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Protein molecules that are biological catalysts
· Intracellular enzymes act inside of cells. Some examples of
these are ATPases and hydrolases.
· extracellular enzymes act outside of cells. For example
digestive enzymes in the alimentary canal (amylase)
· enzymes are globular proteins.
· They are soluble in water because their hydrophilic R groups
are on the outside of the molecule.
· Enzymes possess an active site. This is where the substrate
binds.
· The substrate is held in place by temporary bonds that form
between substrate and some of the R groups. The combined
structure is called the enzyme-substrate complex
· Induced fit is when the shape of the enzyme changes when
it binds with its substrate.…read more

Slide 3

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The enzyme may...
1. Catalyse a reaction in which the substrate
molecule is split into two or more molecules.
2. Catalyse the joining together of two
molecules (for example linking amino acids)
3. As a result one, two or more products are
formed.
4. These products leave the active site and the
enzyme is unchanged by the process.…read more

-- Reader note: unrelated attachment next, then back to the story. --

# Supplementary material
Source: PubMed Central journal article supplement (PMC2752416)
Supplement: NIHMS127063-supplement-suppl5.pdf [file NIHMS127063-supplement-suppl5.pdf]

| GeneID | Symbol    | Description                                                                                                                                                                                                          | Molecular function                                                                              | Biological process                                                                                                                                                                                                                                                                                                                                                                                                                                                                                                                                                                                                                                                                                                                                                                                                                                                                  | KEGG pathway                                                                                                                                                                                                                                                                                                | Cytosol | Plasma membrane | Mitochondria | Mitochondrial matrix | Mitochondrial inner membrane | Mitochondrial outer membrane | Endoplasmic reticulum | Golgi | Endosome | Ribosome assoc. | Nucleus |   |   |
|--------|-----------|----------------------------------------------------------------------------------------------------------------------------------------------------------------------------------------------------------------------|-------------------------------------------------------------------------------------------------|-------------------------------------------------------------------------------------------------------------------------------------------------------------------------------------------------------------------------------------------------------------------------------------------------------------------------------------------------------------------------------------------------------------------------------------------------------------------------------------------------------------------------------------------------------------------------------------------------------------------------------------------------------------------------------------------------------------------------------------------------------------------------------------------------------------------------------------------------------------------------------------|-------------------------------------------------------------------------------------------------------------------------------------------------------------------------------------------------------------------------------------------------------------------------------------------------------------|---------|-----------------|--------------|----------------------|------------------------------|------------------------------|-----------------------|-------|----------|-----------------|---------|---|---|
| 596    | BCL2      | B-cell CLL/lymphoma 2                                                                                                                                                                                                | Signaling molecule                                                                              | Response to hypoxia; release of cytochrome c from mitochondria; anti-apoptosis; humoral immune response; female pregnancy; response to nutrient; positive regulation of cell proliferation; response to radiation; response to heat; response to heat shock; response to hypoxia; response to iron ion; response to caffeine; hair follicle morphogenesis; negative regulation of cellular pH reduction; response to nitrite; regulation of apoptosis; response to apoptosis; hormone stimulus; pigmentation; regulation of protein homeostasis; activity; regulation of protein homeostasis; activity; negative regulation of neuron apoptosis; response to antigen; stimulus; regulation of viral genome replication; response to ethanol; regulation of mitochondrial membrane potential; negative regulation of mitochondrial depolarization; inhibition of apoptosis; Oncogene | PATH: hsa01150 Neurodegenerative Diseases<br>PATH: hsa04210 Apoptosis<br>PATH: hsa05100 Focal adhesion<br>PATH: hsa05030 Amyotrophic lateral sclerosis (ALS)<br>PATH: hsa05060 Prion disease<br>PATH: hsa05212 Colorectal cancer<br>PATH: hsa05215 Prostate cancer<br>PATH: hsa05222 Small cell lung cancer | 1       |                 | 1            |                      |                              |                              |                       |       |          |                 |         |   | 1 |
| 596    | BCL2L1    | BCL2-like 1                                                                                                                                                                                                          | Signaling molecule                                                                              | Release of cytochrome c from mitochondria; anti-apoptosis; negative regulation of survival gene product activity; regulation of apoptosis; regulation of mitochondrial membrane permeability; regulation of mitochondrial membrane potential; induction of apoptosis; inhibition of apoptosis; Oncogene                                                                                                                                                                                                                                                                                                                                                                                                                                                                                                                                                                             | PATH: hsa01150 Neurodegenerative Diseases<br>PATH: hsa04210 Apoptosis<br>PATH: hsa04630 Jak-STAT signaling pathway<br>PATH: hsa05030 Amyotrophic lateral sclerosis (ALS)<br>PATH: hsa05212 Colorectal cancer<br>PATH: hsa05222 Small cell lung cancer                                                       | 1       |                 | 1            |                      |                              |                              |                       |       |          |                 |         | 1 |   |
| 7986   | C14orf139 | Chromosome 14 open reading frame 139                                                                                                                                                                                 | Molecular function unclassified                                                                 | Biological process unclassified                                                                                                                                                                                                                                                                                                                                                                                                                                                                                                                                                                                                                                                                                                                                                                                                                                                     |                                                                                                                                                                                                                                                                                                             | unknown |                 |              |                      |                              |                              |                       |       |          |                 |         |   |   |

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Activation energy
· The substrate will not be converted to a product
unless it is temporarily given some extra energy, this
is activation energy.
· You can increase the amount of energy by increasing
the temperature.
· If you raise the temperature above 40 degrees
however molecules in our body start to become
damaged (proteins etc) therefore enzymes help to
reduce this as they make reactions quicker without
having to increase the temperature. They reduce the
activation energy.
· Enzymes do this by holding the substrate in such a
way that their molecules can react more easily.…read more

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The course of a reaction
· During a reaction the rate at which the
enzymes work is a lot faster at the beginning
and then slows down.
· This is because at the beginning there is a lot
of substrate molecules. So every enzyme
molecule has a substrate in its active site.
· Initial rate of reaction is the rate at the
beginning when the reaction is at its faster.…read more

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Enzyme inhibitors
· Competitive inhibition is when it is more likely that
an inhibitor will bond with the enzyme rather then
the substrate.
· this is reversible because it can be reversed by
increasing the concentration of substrate.
· Irreversible inhibition is when the inhibitor is
permanently bonded to the enzyme.
· Non competitive inhibition is when an inhibitor
bonds with a different part of the enzyme. This can
disrupt the arrangement of bonds holding the
substrate in place. It can be reversible inhibition or
irreversible inhibition.
· Inhibitors can react as metabolic poisons…read more

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